Pan-Germanism

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Pan-Germanism (German: Pangermanismus or Alldeutsche Bewegung) was a political movement of the 19th century aiming for unity of the German-speaking populations of Europe, identified as Volksdeutsche ("ethnic Germans").

Contents

Origins

Pan-Germanism's origins began in the early 19th century following the Napoleonic Wars. The wars launched a new movement that was born in ville itself during the French Revolution, Nationalism. Nationalism during the 19th century threatened the old aristocratic regimes. Many ethnic groups of Central and Eastern Europe had been divided for centuries, ruled over by the old Monarchies of the Romanovs and the Habsburgs. Germans, for the most part, had been a loose and disunited people since the Reformation when the Holy Roman Empire was shattered into a patchwork of states. The new German nationalists, mostly young reformers such as Johann Tillmann of East Prussia, sought to unite all the German-speaking and ethnic-German (Volksdeutsche) people.

Prussia, Austria and Nationalism

By the 1860s the Kingdom of Prussia and the Austrian Empire were the two most powerful nations dominated by German-speaking elites. Both sought to expand their influence and territory. The Austrian Empire — like the German Empire — was a multi-ethnic state, but German-speaking people there didn't have an absolute numerical majority; the creation of the Austro-Hungarian Empire was one result of the growing nationalism of other ethnicities especially the Hungarians. Prussia under Otto von Bismarck would ride on the coat-tails of nationalism to unite all of modern-day Germany. The German Empire ("Second Reich") was created in 1871 following the proclamation of Wilhelm I as head of a union of German-speaking states, while disregarding millions of its non-German subjects who desired self-determination from German rule. German-speakers living outside the new Empire preferred living under its rule or in an ethnically homogeneous environment, but this wish clashed with the opposing wishes of other ethnicities. Regions like Austria and Bohemia witnessed nationalistic controversies for decades.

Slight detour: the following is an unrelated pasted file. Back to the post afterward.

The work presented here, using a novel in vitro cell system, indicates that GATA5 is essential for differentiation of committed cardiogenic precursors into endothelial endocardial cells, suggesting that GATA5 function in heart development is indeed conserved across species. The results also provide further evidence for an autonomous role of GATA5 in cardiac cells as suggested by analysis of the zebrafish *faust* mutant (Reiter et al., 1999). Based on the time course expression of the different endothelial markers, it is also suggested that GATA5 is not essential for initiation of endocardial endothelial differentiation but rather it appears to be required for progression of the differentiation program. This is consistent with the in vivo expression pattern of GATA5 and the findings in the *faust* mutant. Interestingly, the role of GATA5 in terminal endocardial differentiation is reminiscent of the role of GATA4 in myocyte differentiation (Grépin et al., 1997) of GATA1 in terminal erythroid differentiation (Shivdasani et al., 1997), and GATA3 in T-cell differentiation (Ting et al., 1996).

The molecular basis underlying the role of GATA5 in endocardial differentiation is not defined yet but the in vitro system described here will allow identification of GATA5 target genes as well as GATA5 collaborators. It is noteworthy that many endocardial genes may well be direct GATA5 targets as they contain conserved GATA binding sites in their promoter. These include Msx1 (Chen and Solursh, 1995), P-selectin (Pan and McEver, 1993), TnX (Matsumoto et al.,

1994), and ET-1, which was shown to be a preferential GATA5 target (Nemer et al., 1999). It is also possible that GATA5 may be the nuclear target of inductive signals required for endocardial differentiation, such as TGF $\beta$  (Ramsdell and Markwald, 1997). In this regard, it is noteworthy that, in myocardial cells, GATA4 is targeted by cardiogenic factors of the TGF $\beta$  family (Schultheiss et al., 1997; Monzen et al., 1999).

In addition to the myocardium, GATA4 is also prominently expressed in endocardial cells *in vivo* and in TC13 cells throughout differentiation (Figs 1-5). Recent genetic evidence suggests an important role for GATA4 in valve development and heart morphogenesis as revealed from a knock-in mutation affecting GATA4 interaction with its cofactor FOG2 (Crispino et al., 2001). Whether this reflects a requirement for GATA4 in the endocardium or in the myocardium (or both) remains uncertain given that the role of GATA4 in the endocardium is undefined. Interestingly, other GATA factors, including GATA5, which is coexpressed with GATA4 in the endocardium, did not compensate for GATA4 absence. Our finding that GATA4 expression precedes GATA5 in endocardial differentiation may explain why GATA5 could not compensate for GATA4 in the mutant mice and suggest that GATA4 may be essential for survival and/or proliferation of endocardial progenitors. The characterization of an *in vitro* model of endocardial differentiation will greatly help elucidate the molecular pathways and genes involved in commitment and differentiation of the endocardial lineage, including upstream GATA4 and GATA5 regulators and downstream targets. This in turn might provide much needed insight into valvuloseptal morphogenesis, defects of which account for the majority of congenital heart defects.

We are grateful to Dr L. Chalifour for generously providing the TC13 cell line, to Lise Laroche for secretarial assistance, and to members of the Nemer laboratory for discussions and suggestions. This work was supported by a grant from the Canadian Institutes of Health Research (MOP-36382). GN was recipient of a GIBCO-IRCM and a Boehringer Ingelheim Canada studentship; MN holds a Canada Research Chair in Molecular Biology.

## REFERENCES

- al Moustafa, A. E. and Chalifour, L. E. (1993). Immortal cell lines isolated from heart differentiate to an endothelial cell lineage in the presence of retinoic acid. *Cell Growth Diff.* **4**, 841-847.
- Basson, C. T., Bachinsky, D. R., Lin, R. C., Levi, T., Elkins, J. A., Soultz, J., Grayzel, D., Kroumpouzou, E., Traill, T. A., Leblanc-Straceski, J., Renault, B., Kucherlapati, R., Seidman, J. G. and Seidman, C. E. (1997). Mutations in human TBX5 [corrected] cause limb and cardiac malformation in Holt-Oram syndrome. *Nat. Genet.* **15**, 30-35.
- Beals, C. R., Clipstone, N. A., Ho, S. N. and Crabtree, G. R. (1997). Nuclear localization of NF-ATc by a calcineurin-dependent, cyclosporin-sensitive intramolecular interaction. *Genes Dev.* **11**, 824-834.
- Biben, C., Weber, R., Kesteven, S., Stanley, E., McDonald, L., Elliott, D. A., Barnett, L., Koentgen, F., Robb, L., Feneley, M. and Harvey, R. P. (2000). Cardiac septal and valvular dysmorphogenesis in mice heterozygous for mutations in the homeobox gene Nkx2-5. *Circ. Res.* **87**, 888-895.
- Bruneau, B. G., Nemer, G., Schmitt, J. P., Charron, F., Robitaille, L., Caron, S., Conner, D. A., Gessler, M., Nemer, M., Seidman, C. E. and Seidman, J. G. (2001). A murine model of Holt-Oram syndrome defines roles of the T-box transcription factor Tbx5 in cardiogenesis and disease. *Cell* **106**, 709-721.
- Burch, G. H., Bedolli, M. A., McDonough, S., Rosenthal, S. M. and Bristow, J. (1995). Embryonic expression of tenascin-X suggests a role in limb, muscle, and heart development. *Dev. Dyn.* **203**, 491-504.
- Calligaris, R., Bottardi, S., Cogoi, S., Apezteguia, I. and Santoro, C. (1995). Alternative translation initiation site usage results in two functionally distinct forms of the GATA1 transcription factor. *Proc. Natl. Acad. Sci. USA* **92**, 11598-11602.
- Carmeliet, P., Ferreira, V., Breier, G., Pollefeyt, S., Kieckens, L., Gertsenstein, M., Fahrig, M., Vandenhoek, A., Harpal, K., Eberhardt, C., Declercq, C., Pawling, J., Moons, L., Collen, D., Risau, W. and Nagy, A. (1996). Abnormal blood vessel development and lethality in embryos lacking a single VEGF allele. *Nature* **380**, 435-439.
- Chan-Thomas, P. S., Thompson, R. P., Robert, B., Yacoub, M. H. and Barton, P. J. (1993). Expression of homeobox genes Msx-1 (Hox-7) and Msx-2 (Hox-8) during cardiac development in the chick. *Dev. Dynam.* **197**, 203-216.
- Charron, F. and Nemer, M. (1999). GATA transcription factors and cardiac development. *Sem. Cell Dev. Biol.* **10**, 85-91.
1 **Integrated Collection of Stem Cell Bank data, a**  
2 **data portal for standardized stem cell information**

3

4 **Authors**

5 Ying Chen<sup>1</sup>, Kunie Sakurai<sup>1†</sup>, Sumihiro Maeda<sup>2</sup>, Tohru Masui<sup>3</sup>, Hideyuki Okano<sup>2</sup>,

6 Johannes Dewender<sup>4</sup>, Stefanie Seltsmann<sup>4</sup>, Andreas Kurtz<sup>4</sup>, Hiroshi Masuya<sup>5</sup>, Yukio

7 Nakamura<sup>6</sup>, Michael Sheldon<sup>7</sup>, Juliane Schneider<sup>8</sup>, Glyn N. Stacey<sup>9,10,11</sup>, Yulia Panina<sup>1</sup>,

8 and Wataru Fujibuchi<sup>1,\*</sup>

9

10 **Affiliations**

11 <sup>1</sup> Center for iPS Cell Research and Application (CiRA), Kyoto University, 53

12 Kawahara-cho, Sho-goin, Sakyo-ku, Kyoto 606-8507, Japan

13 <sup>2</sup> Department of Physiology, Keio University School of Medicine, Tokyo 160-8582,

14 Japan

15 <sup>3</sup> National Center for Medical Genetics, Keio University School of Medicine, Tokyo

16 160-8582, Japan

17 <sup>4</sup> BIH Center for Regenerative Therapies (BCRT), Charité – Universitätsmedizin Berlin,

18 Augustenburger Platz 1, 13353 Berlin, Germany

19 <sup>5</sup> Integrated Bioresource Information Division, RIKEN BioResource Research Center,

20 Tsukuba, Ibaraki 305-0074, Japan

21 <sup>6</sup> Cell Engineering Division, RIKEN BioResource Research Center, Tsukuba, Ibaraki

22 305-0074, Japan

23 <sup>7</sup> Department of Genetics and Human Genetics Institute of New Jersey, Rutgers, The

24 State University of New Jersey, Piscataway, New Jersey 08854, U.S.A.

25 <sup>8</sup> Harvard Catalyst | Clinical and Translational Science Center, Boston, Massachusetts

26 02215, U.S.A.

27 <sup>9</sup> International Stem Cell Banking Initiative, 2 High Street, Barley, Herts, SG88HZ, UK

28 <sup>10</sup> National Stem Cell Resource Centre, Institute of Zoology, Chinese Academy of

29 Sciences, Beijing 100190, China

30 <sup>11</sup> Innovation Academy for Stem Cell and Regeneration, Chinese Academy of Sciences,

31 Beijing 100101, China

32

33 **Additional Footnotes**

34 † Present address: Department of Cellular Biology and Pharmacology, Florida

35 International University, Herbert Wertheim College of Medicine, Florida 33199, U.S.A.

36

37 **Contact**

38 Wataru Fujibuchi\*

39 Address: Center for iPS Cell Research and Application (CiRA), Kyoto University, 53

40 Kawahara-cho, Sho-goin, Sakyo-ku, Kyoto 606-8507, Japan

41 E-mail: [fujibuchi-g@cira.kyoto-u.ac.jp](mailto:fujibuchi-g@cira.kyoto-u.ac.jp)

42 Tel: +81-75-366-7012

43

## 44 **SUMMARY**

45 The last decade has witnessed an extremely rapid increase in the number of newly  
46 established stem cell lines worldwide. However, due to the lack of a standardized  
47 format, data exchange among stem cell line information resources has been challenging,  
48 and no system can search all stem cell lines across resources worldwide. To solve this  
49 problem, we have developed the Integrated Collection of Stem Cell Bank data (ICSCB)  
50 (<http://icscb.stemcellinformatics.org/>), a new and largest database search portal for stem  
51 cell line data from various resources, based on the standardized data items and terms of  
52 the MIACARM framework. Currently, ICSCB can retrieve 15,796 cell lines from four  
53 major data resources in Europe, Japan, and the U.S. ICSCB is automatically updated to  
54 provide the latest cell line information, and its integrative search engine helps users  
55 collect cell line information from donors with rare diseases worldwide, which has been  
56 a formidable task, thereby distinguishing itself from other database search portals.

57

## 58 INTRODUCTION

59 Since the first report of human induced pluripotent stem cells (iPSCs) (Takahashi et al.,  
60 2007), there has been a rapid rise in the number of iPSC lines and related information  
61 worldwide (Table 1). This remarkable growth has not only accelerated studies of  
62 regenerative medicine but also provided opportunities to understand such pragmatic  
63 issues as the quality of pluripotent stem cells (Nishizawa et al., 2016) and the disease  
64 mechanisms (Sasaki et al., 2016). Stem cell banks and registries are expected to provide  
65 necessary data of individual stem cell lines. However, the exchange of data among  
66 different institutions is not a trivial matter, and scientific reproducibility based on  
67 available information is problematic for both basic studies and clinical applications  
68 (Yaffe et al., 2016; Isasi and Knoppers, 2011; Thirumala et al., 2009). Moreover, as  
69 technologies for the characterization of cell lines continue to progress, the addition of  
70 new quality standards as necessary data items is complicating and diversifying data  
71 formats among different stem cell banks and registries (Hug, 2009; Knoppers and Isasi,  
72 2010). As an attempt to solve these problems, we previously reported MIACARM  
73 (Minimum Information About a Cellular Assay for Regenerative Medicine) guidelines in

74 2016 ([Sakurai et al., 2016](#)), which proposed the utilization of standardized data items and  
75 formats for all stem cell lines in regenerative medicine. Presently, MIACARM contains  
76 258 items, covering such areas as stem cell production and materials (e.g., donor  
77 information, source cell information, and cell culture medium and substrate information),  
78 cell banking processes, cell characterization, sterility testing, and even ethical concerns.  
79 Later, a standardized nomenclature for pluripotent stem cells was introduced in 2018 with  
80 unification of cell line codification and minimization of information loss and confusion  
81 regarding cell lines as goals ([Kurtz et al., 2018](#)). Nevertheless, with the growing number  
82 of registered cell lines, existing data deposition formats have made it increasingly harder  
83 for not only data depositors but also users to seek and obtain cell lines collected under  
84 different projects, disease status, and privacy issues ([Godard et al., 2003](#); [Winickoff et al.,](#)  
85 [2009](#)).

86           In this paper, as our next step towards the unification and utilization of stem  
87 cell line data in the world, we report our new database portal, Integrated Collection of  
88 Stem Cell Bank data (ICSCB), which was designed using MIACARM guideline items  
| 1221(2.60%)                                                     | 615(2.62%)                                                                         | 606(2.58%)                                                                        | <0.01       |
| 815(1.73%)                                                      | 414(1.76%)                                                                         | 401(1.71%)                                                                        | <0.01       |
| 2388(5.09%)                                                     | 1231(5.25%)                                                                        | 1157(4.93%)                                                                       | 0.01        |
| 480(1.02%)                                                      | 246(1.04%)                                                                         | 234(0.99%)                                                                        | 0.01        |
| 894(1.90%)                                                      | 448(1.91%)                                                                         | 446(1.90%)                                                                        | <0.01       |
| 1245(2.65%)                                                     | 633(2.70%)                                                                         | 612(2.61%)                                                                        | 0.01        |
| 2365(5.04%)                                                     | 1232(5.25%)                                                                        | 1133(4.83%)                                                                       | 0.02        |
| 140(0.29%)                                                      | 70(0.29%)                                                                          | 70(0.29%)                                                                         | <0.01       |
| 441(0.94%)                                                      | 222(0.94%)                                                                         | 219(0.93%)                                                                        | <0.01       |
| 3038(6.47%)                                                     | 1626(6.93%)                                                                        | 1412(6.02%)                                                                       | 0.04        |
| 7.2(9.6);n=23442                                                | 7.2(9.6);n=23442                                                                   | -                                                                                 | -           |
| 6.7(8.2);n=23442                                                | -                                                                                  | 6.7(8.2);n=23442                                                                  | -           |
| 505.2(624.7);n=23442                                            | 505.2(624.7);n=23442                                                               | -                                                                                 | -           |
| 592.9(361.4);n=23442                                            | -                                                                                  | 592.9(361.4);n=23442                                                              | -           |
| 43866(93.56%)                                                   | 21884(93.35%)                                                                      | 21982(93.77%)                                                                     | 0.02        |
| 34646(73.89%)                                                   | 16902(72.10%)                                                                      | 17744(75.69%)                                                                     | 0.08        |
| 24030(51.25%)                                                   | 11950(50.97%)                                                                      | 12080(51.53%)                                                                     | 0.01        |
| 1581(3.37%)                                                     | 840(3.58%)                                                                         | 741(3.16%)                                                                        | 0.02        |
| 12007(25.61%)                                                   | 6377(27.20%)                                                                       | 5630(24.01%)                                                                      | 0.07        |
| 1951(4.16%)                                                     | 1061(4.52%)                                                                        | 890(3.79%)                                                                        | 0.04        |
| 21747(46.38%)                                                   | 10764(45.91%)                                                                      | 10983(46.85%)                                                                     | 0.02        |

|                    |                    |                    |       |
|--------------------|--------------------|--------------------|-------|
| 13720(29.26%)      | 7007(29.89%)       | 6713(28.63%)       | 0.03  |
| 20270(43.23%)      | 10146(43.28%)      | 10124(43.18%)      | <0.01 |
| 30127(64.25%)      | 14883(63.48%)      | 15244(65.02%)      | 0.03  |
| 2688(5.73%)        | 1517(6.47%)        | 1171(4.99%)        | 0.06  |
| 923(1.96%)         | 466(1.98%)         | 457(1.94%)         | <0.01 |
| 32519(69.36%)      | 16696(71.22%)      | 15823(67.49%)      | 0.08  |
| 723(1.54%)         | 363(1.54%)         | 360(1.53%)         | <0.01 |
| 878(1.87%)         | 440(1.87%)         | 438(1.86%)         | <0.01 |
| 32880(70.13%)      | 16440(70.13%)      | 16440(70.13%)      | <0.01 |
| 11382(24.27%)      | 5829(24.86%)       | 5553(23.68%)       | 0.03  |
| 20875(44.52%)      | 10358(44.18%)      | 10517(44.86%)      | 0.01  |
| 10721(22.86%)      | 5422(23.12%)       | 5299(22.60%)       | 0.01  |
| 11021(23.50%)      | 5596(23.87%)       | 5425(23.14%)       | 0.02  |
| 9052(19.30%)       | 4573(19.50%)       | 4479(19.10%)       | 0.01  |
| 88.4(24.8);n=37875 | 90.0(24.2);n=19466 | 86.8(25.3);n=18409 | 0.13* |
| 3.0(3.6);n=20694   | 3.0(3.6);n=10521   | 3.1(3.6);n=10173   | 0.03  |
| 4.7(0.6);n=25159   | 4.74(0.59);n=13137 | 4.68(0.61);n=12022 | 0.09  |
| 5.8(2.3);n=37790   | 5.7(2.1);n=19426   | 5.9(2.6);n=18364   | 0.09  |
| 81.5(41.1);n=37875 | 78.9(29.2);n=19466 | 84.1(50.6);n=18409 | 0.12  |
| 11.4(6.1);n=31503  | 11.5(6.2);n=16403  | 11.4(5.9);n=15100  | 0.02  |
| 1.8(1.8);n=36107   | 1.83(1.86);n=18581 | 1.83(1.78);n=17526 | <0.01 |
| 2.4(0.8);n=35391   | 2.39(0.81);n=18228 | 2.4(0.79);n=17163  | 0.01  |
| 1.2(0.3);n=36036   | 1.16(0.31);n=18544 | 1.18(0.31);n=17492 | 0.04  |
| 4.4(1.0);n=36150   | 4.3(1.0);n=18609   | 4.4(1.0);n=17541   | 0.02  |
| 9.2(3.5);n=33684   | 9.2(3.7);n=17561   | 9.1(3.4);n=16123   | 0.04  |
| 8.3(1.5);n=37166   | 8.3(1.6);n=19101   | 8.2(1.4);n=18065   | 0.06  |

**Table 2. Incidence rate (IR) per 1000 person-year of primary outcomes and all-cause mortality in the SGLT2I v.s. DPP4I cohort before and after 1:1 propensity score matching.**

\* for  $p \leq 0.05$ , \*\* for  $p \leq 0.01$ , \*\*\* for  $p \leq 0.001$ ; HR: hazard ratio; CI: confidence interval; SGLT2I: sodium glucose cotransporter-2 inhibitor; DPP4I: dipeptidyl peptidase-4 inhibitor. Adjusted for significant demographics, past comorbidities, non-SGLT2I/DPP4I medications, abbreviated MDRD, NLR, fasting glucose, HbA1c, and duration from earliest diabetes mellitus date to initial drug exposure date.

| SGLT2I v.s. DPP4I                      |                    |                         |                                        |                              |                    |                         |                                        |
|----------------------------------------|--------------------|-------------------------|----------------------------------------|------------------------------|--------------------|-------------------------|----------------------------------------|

Even some Austrians themselves began to resent their own diverse Empire. Identifying themselves as descendants of the Bavarians, who had conquered and expanded into the region, many Western Austrians supported a separation from the Habsburg Empire and unity with the new German Empire.

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